“There’s just not enough,” he says. “Enrollment is down so far.”

He says Hallstad would struggle to survive without sugarbeets. The community in Caledonia, North Dakota, where he also farms sugarbeets, would face a similar fate.

The talk of removing the no-cost sugar policy from the Farm Bill baffles him as he looks back on his start in farming in the tumultuous times of the 1980s.

“It’s ironic to me that in the early 80s, when the first sugar provision was put in the farm program, the end users asked for it and helped to write it,” he says.

Those same food companies are now bankrolling efforts to gut the program in favor of subsidized imports.

Brian Ryberg’s small community of Buffalo Lake faces challenges similar to those in Olson’s town. Population is declining. Farm kids grow up and move away to the city for school.

Ryberg’s son is going to pharmacy school and probably won’t be interested in farming. Ryberg is hoping one of his daughters might be. Keeping farms alive is critical to rural America, he says.

“If we are successful and we make money we share it with the grocery store in town, we share it with the car dealers and the insurance people,” he says. “We’ve got to make some money on the farm.”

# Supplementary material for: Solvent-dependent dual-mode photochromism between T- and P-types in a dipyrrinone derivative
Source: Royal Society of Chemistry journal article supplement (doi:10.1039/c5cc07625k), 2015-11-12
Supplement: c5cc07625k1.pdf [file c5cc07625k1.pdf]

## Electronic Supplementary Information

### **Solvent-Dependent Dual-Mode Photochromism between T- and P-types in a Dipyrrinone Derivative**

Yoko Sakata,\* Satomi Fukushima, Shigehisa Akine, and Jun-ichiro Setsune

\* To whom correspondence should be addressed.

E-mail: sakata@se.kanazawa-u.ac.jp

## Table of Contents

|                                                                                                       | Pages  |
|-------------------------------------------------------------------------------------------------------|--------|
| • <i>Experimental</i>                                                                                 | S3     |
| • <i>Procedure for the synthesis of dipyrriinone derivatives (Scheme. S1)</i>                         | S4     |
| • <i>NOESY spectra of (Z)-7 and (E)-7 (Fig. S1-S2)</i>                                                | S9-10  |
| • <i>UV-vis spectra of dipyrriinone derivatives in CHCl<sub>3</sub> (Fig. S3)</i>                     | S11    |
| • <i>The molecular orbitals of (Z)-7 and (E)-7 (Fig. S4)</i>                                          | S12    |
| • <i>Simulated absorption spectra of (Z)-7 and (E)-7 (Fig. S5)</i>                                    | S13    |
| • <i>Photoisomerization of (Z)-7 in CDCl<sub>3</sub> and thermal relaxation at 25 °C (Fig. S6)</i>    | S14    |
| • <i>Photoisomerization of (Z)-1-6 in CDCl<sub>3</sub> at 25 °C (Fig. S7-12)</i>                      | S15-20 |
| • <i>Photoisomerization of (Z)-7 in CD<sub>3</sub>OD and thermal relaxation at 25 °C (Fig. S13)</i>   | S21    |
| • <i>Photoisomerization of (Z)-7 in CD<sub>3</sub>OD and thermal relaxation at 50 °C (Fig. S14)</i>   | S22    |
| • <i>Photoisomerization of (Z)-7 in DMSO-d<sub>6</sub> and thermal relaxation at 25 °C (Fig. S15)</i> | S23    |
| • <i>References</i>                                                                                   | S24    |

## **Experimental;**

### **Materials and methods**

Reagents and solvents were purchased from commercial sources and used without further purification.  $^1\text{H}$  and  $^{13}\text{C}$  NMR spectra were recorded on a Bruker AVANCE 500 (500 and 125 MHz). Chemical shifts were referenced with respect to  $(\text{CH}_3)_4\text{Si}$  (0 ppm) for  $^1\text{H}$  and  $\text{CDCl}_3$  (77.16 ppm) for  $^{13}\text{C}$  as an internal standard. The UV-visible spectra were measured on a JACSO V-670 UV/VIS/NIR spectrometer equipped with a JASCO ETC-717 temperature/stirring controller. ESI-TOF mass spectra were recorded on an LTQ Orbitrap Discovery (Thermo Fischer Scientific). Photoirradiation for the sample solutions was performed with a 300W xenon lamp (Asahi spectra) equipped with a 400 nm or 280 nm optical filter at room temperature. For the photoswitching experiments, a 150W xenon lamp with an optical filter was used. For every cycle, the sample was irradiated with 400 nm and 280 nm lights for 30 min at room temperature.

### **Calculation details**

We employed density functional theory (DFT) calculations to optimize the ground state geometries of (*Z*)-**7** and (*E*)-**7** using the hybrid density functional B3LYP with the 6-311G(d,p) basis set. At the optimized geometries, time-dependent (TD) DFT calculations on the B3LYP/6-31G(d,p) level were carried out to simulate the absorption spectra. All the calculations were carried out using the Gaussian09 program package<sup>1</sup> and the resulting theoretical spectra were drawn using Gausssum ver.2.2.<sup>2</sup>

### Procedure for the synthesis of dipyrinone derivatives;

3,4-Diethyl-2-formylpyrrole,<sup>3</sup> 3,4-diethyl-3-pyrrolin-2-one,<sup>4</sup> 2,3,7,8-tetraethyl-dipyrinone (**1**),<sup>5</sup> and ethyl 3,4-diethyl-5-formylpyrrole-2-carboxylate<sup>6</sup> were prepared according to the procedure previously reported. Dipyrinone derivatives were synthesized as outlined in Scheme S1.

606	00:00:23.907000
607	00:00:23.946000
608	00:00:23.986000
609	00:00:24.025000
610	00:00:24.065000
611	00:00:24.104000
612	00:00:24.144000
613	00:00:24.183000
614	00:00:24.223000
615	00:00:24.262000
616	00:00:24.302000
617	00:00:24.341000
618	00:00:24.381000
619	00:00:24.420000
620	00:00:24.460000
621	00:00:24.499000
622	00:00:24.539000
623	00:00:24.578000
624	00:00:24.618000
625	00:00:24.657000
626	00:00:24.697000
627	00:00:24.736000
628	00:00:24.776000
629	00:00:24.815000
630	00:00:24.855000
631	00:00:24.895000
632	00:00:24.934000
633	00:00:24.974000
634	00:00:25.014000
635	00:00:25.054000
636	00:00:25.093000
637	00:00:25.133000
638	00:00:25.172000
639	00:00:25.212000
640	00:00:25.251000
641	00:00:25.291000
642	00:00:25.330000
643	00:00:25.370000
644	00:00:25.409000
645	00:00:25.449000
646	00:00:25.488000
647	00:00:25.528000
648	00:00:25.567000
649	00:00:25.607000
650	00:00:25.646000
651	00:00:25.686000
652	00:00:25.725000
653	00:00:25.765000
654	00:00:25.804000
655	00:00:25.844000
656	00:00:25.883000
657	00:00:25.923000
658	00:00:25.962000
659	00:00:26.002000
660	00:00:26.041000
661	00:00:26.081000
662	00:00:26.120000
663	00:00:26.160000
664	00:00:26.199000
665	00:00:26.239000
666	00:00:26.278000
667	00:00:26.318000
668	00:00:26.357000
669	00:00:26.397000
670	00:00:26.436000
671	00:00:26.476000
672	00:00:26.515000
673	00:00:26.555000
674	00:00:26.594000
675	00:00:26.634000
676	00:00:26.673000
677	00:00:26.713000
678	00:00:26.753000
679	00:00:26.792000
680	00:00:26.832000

Tim Deal thinks a lot about the broader economic implications of changing America’s no-cost sugar policy. He farms near the Minn-Dak factory in Wahpeton, North Dakota.

“We can continue to grow beets but we can’t compete with Brazil and Thailand and India and all these countries that are subsidizing to no end their sugar industries and creating this dump market,” he says. “And if our customers, the people we sell sugar to, really think they are going to have the infrastructure, the availability of sugar if the sugar industry would go bankrupt in this country, they are going to find out they will be paying a lot more for sugar.”

That’s something he hopes doesn’t happen. He’d like to see his grandchildren farm the land he now farms with his son and grew up farming with his father.

Nate Hultgren, in Raymond, Minnesota, knows a little bit about protecting family farming heritage, too.

His family has farmed the same land for four generations. He lives on the family farm with his family, his brother’s family, and his mom and dad. There’s a child’s drawing of a seed tender that covers the notebook he keeps in his tractor.

Sugarbeets are a way of life, here. The harvest time dominates family schedules with an all-hands-on-deck attituded across the community.

“It’s one of those things that has to be in your blood to do it,” he says. “Because to lay under a beet digger at 2 in the morning and scrape mud … not a lot of people would want to do it unless you were born with it.”

He shares many of the same concerns his fellow farmers have in the Red River Valley. Congress, he says, needs to remember the Farm Bill is about more than farmers.

“I know it says farm on it, but it really should say rural community bill because that’s what it does,” he says. “It is of utmost importance to have sugar in the Farm Bill…because otherwise these communities that rely on sugar for jobs, for tax dollars, whatever it might be, they’re going to go away.”